As with the stent graft 20 of FIG. 4B, the stents 216b and 216c are, at least partially, unrestrained. Therefore, if lattice work hoop expansion limiting structures (described above) and not use stents 216b and 216c are preferably sized to have a slightly smaller circumference than the remainder of stents 216a, 216d and 216e, on the order of the unbiased by a stent circumference of the graft material 208. When deployed in an aorta 12 having an aneurysmal condition, the window 202 will span the location of the intersection of the branch arteries 52 and 54, (FIG. 3), and window 204 will span the location of branch artery 56. Alternatively, the stents 216a and 216b may be fully unrestrained, i.e., the apexes thereof not inserted within the adjacent hoops, and of a smaller circumference than stents 216a, d, and e as was discussed with respect to the stent graft 20 of FIG. 4B. Likewise, an additional stent may be located in the envelope of, and fully restrained by, intermediate hoop 212.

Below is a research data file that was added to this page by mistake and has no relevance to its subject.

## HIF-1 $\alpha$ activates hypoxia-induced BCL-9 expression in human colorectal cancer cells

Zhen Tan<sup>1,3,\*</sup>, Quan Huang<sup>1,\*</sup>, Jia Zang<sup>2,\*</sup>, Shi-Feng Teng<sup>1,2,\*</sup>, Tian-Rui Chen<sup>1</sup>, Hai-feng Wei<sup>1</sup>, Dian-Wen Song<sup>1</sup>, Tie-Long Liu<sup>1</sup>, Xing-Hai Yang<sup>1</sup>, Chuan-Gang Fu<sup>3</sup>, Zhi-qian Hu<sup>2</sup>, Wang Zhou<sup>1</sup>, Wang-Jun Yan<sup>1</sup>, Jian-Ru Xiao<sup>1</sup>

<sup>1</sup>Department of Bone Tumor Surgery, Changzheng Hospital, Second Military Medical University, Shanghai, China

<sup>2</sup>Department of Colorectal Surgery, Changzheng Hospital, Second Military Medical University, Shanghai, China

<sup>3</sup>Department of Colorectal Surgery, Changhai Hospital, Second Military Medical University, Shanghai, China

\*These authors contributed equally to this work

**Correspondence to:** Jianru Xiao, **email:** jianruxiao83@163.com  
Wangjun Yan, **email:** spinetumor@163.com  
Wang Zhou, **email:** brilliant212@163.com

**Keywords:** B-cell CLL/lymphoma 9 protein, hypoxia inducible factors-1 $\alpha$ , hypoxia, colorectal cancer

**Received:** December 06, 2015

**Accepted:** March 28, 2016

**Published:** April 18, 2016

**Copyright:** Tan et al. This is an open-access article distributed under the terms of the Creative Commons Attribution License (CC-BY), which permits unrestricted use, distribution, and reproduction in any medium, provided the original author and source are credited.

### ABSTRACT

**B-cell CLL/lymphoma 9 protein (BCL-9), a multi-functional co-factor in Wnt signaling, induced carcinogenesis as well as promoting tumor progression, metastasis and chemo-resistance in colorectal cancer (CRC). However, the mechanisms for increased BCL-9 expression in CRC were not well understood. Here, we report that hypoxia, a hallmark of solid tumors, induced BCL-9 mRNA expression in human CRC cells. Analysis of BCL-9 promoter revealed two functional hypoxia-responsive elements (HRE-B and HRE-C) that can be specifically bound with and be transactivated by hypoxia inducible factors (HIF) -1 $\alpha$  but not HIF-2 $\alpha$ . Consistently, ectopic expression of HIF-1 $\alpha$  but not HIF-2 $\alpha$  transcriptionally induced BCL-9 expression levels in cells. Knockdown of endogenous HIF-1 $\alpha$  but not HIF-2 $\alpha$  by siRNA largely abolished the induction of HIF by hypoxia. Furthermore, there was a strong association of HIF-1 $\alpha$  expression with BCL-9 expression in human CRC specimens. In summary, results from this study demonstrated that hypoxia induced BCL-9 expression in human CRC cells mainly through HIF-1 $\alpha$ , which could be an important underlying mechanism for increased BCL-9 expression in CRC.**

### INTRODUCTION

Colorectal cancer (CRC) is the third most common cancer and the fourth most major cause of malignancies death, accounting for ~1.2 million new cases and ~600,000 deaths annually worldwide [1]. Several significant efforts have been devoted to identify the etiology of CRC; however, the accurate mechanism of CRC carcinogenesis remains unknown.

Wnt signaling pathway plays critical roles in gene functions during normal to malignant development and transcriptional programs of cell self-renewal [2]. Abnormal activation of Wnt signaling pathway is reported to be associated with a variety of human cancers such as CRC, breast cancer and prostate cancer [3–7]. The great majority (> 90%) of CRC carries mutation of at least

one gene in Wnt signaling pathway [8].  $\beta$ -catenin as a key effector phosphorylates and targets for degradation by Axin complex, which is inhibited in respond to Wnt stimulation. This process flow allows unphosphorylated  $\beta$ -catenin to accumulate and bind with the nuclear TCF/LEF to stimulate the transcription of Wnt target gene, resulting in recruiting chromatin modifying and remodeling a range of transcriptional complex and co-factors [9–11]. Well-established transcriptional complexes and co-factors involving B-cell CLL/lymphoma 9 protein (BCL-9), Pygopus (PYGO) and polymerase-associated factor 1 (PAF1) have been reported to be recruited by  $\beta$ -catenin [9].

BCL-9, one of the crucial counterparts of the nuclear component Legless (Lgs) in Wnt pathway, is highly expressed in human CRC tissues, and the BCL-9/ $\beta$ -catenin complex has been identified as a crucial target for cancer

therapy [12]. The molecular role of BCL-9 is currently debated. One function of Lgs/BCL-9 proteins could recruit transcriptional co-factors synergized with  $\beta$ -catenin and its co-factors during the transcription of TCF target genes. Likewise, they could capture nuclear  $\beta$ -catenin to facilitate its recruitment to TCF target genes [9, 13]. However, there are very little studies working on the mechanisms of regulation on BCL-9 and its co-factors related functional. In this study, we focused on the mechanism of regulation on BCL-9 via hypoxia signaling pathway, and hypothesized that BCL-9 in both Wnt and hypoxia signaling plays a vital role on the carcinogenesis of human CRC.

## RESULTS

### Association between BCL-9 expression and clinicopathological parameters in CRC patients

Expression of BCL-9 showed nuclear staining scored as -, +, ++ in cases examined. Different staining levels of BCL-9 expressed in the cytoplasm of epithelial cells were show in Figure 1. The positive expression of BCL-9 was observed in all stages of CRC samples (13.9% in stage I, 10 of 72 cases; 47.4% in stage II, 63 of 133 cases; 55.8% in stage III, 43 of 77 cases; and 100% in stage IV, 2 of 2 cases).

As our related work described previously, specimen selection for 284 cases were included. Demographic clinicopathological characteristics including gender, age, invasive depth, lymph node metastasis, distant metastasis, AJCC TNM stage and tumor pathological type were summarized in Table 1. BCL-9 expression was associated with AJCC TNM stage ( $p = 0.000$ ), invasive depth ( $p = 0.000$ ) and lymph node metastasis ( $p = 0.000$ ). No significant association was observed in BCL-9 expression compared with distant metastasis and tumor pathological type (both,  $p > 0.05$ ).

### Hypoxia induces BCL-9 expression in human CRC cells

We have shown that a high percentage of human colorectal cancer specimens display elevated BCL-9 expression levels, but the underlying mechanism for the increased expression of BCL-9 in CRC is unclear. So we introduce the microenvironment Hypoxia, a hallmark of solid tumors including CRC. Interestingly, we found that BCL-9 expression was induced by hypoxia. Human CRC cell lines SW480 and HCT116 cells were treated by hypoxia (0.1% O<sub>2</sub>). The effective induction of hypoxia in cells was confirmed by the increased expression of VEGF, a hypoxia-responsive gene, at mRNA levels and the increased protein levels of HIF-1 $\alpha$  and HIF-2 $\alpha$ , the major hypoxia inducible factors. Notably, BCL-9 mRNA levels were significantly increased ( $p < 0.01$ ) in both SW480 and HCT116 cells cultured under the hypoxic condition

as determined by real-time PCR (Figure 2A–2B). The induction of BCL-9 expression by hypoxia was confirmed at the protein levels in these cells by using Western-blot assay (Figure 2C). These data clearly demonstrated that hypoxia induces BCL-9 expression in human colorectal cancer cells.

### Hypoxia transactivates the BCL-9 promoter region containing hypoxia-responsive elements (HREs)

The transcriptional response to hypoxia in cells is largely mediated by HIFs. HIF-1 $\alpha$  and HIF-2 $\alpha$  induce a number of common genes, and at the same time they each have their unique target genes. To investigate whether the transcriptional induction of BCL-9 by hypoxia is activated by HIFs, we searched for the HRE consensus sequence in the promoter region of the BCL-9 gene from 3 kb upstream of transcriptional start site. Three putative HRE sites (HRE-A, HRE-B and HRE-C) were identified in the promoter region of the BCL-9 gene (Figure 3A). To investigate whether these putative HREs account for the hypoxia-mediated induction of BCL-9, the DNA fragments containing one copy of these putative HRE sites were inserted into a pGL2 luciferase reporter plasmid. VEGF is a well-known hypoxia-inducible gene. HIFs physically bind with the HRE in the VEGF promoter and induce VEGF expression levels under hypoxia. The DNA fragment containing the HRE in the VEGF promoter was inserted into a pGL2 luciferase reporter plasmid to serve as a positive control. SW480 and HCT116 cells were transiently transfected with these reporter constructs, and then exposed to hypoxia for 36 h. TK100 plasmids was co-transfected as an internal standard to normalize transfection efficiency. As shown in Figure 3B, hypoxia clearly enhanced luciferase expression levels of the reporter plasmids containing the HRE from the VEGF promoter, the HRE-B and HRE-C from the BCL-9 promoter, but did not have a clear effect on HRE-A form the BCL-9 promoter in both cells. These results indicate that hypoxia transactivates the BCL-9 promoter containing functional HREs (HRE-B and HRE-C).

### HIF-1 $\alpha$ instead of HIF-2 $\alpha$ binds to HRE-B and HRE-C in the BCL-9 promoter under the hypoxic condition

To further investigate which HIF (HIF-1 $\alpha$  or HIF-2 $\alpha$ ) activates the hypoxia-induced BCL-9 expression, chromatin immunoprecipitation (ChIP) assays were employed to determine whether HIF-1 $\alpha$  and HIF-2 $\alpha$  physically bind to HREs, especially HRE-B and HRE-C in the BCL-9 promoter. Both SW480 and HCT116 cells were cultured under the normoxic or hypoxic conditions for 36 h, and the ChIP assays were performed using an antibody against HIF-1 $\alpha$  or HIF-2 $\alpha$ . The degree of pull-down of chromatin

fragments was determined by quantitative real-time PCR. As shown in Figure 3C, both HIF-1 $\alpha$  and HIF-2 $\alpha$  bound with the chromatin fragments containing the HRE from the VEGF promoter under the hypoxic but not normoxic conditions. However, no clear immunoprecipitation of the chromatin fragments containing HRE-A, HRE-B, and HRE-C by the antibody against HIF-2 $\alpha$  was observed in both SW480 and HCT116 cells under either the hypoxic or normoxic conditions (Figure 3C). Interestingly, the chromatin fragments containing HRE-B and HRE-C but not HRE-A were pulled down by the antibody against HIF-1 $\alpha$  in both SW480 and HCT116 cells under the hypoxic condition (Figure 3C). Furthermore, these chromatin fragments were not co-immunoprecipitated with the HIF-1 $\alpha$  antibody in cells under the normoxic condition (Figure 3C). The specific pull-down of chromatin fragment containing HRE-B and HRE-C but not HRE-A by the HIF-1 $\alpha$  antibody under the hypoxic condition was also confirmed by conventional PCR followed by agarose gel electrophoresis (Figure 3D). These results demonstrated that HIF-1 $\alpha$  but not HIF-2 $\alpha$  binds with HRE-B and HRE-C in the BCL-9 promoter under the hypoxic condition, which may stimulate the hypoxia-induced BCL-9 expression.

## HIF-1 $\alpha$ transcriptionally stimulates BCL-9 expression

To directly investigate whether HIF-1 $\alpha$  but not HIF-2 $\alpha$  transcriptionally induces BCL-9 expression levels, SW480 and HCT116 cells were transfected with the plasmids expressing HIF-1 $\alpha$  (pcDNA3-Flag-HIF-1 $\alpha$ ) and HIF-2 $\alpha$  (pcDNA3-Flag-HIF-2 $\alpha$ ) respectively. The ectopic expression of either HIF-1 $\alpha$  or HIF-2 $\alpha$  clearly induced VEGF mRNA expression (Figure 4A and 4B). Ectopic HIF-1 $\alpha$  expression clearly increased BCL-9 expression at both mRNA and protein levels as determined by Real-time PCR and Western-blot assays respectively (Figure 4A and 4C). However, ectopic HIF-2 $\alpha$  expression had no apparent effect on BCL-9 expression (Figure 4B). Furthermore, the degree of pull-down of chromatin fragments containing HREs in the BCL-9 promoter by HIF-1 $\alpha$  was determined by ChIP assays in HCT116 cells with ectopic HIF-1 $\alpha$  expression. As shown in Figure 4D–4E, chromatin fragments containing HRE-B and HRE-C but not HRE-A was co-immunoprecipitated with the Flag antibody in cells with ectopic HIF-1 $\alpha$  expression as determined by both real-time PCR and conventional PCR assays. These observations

Referring now to FIG. 4D, an additional embodiment of a stent graft for treatment of ascending aortic aneurysm is shown. In this embodiment, stent graft 300 includes a tubular length of graft material 302, into which two windows 304, 306 have been prepared such as by cutting out rectangular portions of the graft material 202 and heat sealing or cauterizing the cut edges to prevent fraying. Window 304 is sized to correspond with the location of the intersection of a single branch artery 52, and window 306 is sized to correspond to the location of two branch arteries, 54 and 56. The remaining graft material forms an inlet hoop 306, an intermediate hoop 308 and outlet hoop 310. Stents 312a-312e are disposed in the tubular segment of graft material 302, such as by being sewn to adjacent portions of the graft material 302. The stents 312a-312e have the general construction of the stents shown and described with respect to FIGS. 5 and 6, and stents 312a and 312e are fully located within, and restrained by inlet hoop 306 and outlet hoop 310 respectively. Stent 312 b spans window 304, such that the opposed apexes 316, 318 thereof are restrained within inlet hoop 306 and intermediate hoop 308, respectively. Stents 312c and 312d are disposed in window 306 such that the apexes 320 of stent 312c are restrained by intermediate hoop 308 and apexes 322 thereof are unrestrained in the window 306, and stent 312d is positioned such that apexes 322 are held and restrained under exit hoop 310, whereas the apexes 320 thereof are unrestrained. As in the construction shown in FIG. 4C, the two stents 312c, 312d which are unrestrained, are configured of a smaller circumference than those which are restrained, to prevent damage to the flow lumen by overextension of the stents 312c, 312d. Likewise, spanning wires may laterally extend between, and be secured to, adjacent ones of the stents 312a, et. seq. When deployed in an aorta undergoing an aneurysmal condition, the inlet hoop and outlet hoops 302, 310 will seal against the aorta wall, and the graft material 302 is likewise biased to seal against any tears which it overlays and compress together any dissected regions it overlays. As with stent graft 200, stents 312c, d may be unrestrained, and of a slightly smaller diameter than stents 312a, b and e, as was described wherein with respect to FIG. 4B. Likewise, an additional stent may be located within, and fully restrained by, intermediate hoop 308.